Bony fish are found in almost every aquatic habitat on Earth, including both saltwater and freshwater environments. They inhabit various ecosystems, ranging from shallow coastal areas to deep ocean trenches, and from fast-flowing rivers to stagnant lakes. Bony fish have successfully colonized diverse geographical regions, from polar regions to tropical rainforests, showcasing their remarkable adaptability to different environmental conditions.
Although bony fish can be found in a wide range of aquatic habitats, some species exhibit preferences for specific environments. For example, certain species thrive in coral reefs, benefiting from the abundant food and shelter provided by the complex reef structure. Others prefer rocky or sandy bottoms, where they can find suitable food sources or burrow for protection. Bony fish adapt their habitats based on factors such as water temperature, oxygen levels, food availability, and reproductive requirements.
Adaptation to Different Ecosystems
Bony fish have evolved a multitude of adaptations to survive and thrive in various ecosystems. For instance, certain species have developed specialized mouthparts or teeth to consume particular types of prey, while others have unique body shapes and colors that allow them to blend seamlessly into their surroundings. Bony fish have also adapted to tolerate extreme environmental conditions, such as extreme temperatures, high salinity, or low oxygen levels, through physiological or behavioral adaptations.
Bony Fish Classification and Diversity
The classification of bony fish is a complex and evolving field. Taxonomists group species based on shared morphological, genetic, and behavioral characteristics. Bony fish are classified into different orders, families, genera, and species. The classification system aims to reflect the evolutionary relationships and genetic diversity among species. However, some challenges and controversies exist within fish taxonomy due to conflicting interpretations and ongoing scientific discoveries.
Examples of Bony Fish Families
Bony fish encompass numerous diverse families, each with its own unique characteristics. Some commonly recognized families include:
- Salmonidae: This family comprises familiar species such as salmon, trout, and char. These fish are known for their anadromous behavior, where they migrate from the sea to freshwater rivers to spawn.
- Percidae: This family includes species like perch, pike, and walleye. Percids are known for their distinctive spiny dorsal fins and prey on smaller fish species.
- Gobiidae: The goby family includes over 2,000 species. Gobies are typically small and thrive in a variety of habitats, from freshwater to marine environments.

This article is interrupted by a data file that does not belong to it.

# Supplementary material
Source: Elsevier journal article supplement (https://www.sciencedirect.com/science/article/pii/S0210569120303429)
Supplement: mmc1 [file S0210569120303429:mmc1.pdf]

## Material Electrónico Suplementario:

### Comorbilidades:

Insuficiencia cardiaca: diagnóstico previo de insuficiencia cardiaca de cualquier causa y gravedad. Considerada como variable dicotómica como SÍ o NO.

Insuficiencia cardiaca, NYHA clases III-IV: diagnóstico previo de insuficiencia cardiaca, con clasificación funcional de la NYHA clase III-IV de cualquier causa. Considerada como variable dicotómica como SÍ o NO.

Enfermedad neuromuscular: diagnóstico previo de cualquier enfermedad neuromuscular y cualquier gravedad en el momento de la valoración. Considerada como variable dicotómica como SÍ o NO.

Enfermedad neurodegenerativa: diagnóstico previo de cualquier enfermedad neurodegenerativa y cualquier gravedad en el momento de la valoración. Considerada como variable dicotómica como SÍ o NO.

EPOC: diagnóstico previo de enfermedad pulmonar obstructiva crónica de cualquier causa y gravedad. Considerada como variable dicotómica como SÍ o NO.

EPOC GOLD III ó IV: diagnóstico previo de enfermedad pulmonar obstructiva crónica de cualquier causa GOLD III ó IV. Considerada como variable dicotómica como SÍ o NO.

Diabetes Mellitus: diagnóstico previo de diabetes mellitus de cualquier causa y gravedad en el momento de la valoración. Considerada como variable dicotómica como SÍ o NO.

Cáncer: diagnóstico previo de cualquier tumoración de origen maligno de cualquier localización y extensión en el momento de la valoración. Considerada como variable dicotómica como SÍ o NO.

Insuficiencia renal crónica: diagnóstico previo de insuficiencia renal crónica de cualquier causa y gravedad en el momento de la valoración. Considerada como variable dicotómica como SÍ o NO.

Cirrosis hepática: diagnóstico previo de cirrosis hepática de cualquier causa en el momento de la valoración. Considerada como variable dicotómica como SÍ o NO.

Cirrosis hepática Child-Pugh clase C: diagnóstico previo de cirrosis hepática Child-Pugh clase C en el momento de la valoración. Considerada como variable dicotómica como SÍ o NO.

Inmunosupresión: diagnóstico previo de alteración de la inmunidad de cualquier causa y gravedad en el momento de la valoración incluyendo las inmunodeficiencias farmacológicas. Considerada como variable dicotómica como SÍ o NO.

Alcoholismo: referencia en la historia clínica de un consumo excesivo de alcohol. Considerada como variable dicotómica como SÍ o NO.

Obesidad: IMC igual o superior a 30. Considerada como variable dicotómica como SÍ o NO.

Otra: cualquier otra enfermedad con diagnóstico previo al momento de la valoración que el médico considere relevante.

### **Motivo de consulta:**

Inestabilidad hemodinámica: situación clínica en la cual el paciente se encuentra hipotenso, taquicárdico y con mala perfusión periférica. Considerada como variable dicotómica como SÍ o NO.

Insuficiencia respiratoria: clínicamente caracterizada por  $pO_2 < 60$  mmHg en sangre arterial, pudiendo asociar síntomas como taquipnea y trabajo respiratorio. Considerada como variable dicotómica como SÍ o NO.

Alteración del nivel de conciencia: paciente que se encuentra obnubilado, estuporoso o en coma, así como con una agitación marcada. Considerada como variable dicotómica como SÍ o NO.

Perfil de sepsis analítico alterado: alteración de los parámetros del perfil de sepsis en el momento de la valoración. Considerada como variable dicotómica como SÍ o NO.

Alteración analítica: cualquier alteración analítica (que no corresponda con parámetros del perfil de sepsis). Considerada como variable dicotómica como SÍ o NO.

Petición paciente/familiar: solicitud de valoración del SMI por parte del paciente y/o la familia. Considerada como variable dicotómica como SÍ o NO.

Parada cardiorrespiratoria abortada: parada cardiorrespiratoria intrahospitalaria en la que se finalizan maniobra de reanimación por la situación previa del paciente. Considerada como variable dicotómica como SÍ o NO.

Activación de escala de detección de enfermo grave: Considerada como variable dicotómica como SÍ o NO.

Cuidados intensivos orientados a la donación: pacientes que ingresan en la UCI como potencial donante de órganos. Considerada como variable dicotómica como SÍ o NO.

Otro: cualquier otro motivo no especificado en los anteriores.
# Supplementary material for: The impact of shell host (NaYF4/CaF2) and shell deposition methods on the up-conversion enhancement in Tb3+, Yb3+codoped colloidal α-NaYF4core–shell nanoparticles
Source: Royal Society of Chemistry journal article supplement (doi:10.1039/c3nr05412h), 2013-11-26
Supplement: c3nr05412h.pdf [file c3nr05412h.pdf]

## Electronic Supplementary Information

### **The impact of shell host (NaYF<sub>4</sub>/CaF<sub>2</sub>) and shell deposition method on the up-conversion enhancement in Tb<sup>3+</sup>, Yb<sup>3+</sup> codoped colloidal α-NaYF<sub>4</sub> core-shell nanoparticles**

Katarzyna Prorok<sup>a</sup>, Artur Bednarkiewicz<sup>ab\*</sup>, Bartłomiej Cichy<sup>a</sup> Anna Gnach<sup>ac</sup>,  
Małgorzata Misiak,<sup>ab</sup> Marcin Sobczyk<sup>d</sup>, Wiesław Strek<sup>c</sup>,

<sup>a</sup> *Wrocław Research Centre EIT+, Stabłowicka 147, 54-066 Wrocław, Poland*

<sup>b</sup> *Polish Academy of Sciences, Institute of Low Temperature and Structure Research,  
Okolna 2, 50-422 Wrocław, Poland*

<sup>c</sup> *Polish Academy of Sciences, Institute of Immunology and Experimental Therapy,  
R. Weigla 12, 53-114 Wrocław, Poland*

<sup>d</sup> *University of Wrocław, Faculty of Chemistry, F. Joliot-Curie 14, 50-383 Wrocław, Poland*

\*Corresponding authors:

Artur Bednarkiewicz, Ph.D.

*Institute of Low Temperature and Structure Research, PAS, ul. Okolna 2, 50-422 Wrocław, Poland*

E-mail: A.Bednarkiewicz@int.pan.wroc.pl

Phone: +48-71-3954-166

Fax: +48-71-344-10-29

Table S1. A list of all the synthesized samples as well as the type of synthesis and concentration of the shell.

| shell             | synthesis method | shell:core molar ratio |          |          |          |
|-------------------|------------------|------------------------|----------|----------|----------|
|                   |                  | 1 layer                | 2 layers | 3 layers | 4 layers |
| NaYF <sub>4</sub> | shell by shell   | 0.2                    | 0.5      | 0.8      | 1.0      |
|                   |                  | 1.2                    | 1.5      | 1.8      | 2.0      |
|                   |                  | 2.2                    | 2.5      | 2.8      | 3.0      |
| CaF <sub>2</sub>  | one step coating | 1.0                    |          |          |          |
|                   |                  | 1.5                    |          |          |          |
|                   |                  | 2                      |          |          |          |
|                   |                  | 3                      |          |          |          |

- Scombridae: This family comprises fast-swimming fish such as tuna, mackerel, and bonito. Scombroids are highly migratory and have streamlined bodies designed for efficient swimming.
Challenges and Controversies in Fish Taxonomy
Fish taxonomy is a dynamic field that faces several challenges and controversies. One of the main challenges is the vast number of fish species yet to be discovered and taxonomically described. Additionally, the application of molecular techniques has led to the reclassification of many fish species previously believed to be closely related. Ongoing taxonomic revisions and debates continue to shape our understanding of fish diversity and relationships among different bony fish groups.
Major Threats to Bony Fish
Human Activity Impact
Human activities pose significant threats to the survival of bony fish populations worldwide. Overfishing, pollution, habitat destruction, and the introduction of invasive species are some of the primary human-induced threats. Unsustainable fishing practices, such as bottom trawling and gillnetting, can deplete fish populations and disrupt entire marine ecosystems. Pollution from industrial and agricultural runoff can contaminate water bodies, leading to the accumulation of toxic substances in fish. Habitat destruction, such as deforestation and the destruction of coral reefs, also negatively impacts bony fish populations.
Climate Change and Global Warming
Climate change and global warming have emerged as major threats to the survival of bony fish. Rising sea temperatures, ocean acidification, and changes in precipitation patterns can disrupt fish habitats, affecting their reproductive patterns, food availability, and migratory routes. Coral bleaching, a consequence of increased sea temperatures, can lead to the loss of essential habitats for many reef-dwelling bony fish species. The impacts of climate change on bony fish populations can have cascading effects on entire ecosystems.
Disease and Parasites